“OVERKILL” road blockers at County Hall have been replaced after concerns about their heavy accident rate and high maintenance costs.
Heavy metal blockers which rose automatically from the ground were removed and a barrier arm system installed after 301 reported accidents involving the old system in nine years.
A freedom of information request by the Worcester News revealed the cost of repairs and maintenance to the barriers during those years was £76,404.33.
That was more than the barriers’ £66,058.20 original cost. The road blockers were installed during the 2003/4 financial year.
Worcestershire County Council said studies at the time indicated that there were more than 900,000 cars and vans passing through County Hall every year.
The blockers were put in place to avoid people using the campus as a cut-through, partly because of safety fears for staff and visitors who were on foot but also because of complaints about the
high-volumes of traffic in Spetchley Road.
The amount of traffic reduced by about 50 per cent after the blockers were installed.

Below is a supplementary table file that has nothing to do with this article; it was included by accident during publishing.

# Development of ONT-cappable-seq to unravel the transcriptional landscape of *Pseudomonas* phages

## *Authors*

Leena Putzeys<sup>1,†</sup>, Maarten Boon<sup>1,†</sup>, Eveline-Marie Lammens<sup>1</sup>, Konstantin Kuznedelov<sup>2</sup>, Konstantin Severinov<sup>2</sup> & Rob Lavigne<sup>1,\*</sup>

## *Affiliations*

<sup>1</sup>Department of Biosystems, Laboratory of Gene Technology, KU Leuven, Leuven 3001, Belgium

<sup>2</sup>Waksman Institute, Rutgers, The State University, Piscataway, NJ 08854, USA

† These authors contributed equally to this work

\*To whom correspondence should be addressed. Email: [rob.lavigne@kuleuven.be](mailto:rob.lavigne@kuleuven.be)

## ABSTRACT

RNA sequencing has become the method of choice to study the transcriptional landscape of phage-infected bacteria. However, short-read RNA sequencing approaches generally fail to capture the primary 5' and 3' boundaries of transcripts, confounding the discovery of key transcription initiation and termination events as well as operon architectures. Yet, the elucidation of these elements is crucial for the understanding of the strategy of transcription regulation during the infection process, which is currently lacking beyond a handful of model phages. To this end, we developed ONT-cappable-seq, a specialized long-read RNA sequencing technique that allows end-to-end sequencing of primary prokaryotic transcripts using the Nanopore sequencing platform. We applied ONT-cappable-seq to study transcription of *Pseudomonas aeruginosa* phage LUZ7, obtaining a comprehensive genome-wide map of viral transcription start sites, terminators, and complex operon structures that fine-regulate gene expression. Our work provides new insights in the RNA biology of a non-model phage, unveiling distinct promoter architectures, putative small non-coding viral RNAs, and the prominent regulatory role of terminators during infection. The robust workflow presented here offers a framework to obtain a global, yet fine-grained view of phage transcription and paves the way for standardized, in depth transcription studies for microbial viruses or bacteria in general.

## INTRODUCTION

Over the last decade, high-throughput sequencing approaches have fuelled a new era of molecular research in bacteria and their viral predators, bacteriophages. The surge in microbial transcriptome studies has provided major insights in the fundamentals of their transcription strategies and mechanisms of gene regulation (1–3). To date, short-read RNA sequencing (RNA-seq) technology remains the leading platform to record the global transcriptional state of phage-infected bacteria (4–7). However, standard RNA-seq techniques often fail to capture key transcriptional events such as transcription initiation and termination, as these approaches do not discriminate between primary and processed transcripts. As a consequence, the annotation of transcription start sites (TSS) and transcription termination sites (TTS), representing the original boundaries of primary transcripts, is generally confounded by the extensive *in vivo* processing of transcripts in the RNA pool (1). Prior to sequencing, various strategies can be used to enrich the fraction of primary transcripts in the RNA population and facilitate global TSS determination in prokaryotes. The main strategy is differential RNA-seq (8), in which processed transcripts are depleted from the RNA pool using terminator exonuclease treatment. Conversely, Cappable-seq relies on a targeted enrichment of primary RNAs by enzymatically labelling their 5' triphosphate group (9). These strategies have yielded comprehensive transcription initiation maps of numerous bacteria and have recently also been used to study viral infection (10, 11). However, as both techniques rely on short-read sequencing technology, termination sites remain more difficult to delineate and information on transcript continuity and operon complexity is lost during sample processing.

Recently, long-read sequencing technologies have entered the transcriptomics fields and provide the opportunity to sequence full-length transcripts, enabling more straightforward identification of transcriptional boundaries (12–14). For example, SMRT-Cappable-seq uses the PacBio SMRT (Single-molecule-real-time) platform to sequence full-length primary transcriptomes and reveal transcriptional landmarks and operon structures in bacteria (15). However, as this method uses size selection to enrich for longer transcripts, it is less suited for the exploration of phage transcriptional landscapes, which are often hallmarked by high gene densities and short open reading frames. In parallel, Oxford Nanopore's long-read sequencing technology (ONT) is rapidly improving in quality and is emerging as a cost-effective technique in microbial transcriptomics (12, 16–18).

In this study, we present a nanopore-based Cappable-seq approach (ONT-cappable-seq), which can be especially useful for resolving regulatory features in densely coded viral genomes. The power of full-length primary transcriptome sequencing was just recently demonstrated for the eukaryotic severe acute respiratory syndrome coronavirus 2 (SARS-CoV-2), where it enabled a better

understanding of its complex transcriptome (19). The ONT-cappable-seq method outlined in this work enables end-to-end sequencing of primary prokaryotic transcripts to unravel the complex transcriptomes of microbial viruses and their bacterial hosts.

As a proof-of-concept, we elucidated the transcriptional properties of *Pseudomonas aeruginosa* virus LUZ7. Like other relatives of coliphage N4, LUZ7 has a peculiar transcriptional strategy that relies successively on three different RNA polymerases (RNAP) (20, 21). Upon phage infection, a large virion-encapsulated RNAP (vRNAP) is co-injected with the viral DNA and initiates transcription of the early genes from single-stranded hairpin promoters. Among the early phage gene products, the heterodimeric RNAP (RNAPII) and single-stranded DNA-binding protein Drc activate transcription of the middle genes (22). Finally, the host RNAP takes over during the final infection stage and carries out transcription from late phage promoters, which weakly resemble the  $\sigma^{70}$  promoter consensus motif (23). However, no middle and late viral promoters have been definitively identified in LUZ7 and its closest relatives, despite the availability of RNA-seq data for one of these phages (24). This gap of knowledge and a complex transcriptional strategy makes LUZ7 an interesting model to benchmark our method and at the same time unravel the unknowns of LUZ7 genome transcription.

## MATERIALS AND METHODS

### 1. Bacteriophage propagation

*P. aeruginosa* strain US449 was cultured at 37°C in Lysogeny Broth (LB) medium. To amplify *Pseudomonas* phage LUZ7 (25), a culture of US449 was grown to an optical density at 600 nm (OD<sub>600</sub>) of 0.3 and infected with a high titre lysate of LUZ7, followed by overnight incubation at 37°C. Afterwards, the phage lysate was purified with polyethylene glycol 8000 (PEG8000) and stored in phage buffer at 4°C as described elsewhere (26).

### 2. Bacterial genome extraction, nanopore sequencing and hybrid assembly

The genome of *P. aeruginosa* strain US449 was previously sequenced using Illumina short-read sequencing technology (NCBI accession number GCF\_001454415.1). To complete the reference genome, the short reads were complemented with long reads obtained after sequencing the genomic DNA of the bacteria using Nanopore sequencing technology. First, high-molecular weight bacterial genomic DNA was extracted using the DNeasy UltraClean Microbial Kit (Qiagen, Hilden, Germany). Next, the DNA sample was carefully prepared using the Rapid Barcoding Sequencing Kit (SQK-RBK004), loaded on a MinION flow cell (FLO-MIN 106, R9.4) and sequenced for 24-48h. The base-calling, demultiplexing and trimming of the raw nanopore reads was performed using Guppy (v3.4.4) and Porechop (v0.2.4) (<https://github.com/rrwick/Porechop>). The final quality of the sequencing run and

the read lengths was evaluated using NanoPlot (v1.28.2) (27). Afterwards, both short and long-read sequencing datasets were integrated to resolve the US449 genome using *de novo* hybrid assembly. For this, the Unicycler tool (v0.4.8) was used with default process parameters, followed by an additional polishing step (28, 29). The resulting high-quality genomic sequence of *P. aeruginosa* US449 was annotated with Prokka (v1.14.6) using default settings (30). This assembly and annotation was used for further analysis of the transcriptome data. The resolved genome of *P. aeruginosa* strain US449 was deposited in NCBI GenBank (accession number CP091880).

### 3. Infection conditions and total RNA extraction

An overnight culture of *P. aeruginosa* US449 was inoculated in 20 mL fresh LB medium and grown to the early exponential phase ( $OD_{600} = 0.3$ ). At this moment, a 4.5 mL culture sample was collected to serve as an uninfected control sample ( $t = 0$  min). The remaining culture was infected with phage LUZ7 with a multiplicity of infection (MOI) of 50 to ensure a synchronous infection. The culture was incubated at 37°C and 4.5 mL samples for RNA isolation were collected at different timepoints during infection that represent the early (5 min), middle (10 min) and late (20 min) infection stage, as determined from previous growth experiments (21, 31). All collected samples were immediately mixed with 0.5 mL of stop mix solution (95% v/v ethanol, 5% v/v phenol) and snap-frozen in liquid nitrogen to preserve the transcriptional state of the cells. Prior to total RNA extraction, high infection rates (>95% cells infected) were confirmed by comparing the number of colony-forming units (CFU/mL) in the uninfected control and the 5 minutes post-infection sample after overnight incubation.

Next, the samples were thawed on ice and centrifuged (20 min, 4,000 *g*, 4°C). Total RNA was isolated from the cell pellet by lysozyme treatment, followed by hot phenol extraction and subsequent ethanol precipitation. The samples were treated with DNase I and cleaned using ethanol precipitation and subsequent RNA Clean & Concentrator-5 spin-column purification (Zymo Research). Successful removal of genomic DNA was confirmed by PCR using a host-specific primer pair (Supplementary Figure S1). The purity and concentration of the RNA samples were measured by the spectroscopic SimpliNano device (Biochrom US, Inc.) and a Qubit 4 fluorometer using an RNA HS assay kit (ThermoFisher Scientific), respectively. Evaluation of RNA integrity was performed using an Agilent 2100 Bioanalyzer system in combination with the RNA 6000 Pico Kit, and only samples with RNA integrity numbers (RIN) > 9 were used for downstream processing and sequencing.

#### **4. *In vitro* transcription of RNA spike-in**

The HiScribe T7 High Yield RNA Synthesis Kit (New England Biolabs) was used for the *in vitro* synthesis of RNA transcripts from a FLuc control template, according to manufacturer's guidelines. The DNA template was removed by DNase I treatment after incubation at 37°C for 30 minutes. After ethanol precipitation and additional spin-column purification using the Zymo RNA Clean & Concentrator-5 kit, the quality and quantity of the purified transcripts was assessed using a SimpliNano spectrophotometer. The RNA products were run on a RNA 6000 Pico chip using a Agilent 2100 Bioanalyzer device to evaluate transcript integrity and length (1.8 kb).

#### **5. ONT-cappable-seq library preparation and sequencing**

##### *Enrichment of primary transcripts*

David Thain, the council’s cabinet member for transformation and change, said the road blockers were unpopular due to the high cost and heavy accident rate.
He said: “The new barriers are in operation.
“To minimise costs we waited until a section of the contract was up for renewal so we got the best deal with it.
"We’re also saving money on the power costs. The heavy metal things that came up from the ground took electricity to run as opposed to the barriers with arms that lift but we still get the
effective restriction in traffic.
“This is a far more effective and reasonable measure to put in place. The blockers were overkill.”
Coun Thain said he did not know why the road blocker system was originally chosen.
He said the accidents were caused by people not waiting for lights to change rather than any fault with the road blockers.
Councillor Tom Bean, who had questioned Coun Thain about maintenance costs, said his main concern had been that the system wasn’t working.
He said: “What it has cost over the years is actually peanuts in comparison to what the county council’s expenses are.
"It was just a case that the system really wasn’t working.”